During the period between 1866 and 1954 the primary social role of women was to bear and rear children. Women who did not conform to this standard were made into outcasts. Childless women were, in fact, perceived to be poten­tially bad women. In the trials of Emily Sprague, Marie-Louise Cloutier, and Cordelia Viau in Quebec, their childlessness was seen as central to their crime. In the trial of Cloutier, the trial judge asked: “What could a woman with no children and no tenure in a home do?.. .When there are no children, a woman alone in a house may be victim to many errors.”28

However, when the accused women were mothers, the holy mother fig­ure became central in the petitioners’ appeals for reprieve, commutation of the death sentence, or early release. The respective communities’ opinions on the appeals were forwarded to the minister of justice and typically referred to two major problems associated with punishing women who are mothers: First, it was seen as socially dishonourable to kill and/or imprison a woman who was perceived as a creator and nurturer of humanity; second, citizens were con­cerned with the welfare of the children should their mother be executed or incarcerated. In Elizabeth Coward’s case the Coral Council of Women wrote to the minister of justice, pleading that “Mrs. Coward has proved to be an affectionate and worthy mother as shown by the love and solicitude for their mother’s release and their engaging to provide a home.”29 The accused herself appealed her sentence to the minister of justice for the sake of her children: “This wretched life of mine is wanted by my children, they need me, espe­cially my youngest daughter of 15 years old.”30

Sarah Jackson also benefited from having had children: a petition asked for leniency “in mercy of her five children who have to face life with so great a handicap"31 Letters submitted by the children themselves were also impor­tant in the construction of the social significance of a mother’s role. For example, Jackson’s daughter, Beatrice, undertook a crusade to have her mother released: “I have spent many a sad and lonesome heart broken day waiting for my dear mother. It would make life worth living if she was only free to come home to me.”32 Even though very few petitions were sent on behalf of Dina Dranchuk, a letter signed by L. M. Clark to the minister of justice empha­sized her role as a mother: “I beg of you to do all in your power to get this woman reprieved for her dear children’s sake. I feel as other mothers do that it is a terrible thing for a woman to be hung in this country especially in these distressing times after all we should show a little forgiveness.”33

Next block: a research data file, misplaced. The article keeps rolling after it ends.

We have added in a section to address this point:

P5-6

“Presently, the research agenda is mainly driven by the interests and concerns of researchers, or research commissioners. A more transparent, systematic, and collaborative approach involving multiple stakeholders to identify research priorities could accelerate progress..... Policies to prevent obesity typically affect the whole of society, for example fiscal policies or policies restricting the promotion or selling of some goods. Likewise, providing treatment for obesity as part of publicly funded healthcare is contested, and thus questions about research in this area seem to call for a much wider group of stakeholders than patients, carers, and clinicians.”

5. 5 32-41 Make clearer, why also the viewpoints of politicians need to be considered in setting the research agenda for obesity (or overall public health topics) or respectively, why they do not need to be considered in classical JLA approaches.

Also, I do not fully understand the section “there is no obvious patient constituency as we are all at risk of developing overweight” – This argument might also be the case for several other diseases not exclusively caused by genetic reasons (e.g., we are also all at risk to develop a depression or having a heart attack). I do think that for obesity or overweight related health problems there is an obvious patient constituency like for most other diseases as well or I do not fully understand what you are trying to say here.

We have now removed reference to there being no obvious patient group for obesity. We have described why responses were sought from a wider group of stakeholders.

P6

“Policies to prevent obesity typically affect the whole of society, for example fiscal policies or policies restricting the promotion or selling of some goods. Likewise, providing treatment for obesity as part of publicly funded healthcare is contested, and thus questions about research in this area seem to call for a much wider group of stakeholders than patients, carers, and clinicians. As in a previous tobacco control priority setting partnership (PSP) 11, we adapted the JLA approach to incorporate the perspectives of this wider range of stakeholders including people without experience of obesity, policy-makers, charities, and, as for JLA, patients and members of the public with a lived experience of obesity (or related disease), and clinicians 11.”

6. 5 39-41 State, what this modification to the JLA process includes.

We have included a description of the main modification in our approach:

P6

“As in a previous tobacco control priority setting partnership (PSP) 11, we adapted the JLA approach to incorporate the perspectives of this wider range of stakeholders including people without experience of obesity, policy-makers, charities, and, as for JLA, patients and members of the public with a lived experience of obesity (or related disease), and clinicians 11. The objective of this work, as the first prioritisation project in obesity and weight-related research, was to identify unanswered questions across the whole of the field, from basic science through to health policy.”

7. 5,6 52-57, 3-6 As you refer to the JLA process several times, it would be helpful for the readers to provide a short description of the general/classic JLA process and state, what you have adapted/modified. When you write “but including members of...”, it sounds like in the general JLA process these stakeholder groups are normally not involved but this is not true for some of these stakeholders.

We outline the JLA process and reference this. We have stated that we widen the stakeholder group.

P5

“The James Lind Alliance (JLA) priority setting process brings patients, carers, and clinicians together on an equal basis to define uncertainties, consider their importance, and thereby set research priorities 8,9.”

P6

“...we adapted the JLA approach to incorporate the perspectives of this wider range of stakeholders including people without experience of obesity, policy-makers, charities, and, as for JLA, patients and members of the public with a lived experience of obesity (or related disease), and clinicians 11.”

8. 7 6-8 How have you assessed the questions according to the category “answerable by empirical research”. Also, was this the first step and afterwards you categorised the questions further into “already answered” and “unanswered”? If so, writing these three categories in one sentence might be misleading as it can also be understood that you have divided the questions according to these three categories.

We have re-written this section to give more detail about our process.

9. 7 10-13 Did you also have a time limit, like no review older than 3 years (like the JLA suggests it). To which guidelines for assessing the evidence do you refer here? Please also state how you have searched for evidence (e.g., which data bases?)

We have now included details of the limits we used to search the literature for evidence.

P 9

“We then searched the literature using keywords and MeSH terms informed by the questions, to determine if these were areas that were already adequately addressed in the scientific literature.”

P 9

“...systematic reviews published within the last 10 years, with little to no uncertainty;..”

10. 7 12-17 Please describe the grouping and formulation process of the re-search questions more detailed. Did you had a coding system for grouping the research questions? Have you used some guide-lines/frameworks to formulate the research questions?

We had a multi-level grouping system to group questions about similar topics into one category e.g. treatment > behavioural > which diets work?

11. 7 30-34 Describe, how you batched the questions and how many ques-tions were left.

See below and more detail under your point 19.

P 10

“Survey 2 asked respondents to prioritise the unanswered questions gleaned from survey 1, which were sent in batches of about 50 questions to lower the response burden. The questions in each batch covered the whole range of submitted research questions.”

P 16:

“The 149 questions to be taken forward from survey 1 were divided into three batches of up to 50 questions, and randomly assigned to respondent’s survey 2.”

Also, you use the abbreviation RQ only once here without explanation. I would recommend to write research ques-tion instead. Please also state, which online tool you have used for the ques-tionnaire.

Angelina Napolitano, seven months pregnant and already having four children, was undoubtedly the one to receive the most support simply for being a mother.34 In a letter signed by Frederick Scroggie and sent to Lord Earl Grey, a member of the public states: “I appeal to your Excellency to take into consideration the fact that this woman is to give birth a month before she is hanged to a child. I think it was Coleridge who said ‘A mother is a mother still, the Holiest thing alive.’”35 Another letter, submitted by Anna Hurtubis, called her crime honourable: “Thank God the little woman had the courage (that of the tigress protecting her young) to slay the villain who should have been the first to protect her honour, her children and her home.”36 Another letter, sent from Alexandra Allma to the minister of justice, called for clemency “in the name of motherhood, the base of all civilization and in the name of the home, the bulwark of civilization.”37 Tilford (nine children), Jackson (five children), Tratch (eight children), and Harrop (four children) all received support on this basis.

However, the appeal to their role as a mother was not always sufficient to win clemency for the accused women. For example, Tilford provoked sympa­thy and a critique of the criminal justice system but was, in the end, executed. On her behalf, Countess F. Fontaine wrote on 15 December 1935:

A mother is the holiest entity on Earth. Remember that a mother of nine chil­dren had a great reason, perhaps even a sacred duty in killing a bestial vile crea­ture… .Perhaps he abused the children, as well as her, or even attempted to rape his own daughters. There are many vile creatures in human form, not fit to live. Nature gave women a very rotten deal, for they have to suffer the agony of motherhood, sacrifice their life each time they give birth to a child, while most men, are just selfish bestial creatures only seeking to inflict cruelty upon women.38

Подпись: FIGURE 4 Prisoner dressed up with poodle at Kingston Prison for Women, c 1950 (with permission from Canada’s Penitentiary Museum Collection, Kingston, Ontario).
The Holy Nature of Motherhood

As I have suggested, the outcome of the trials (acquittal, sentencing, exe­cution, commutation of sentence, and sentence reduction) and the dramatic quality of those trials are due in large part to the construction of the moral character and the history of the women concerned. The evidence, as I have said, becomes secondary. The trial-as-drama rests upon the construction of the moral characters and histories of the persons involved. The narratives of appropriate gender roles pivot around the role of the woman as wife and mother and are central to the (re)production of these homicidal wives thus influencing the legitimacy of the narratives of domestic violence.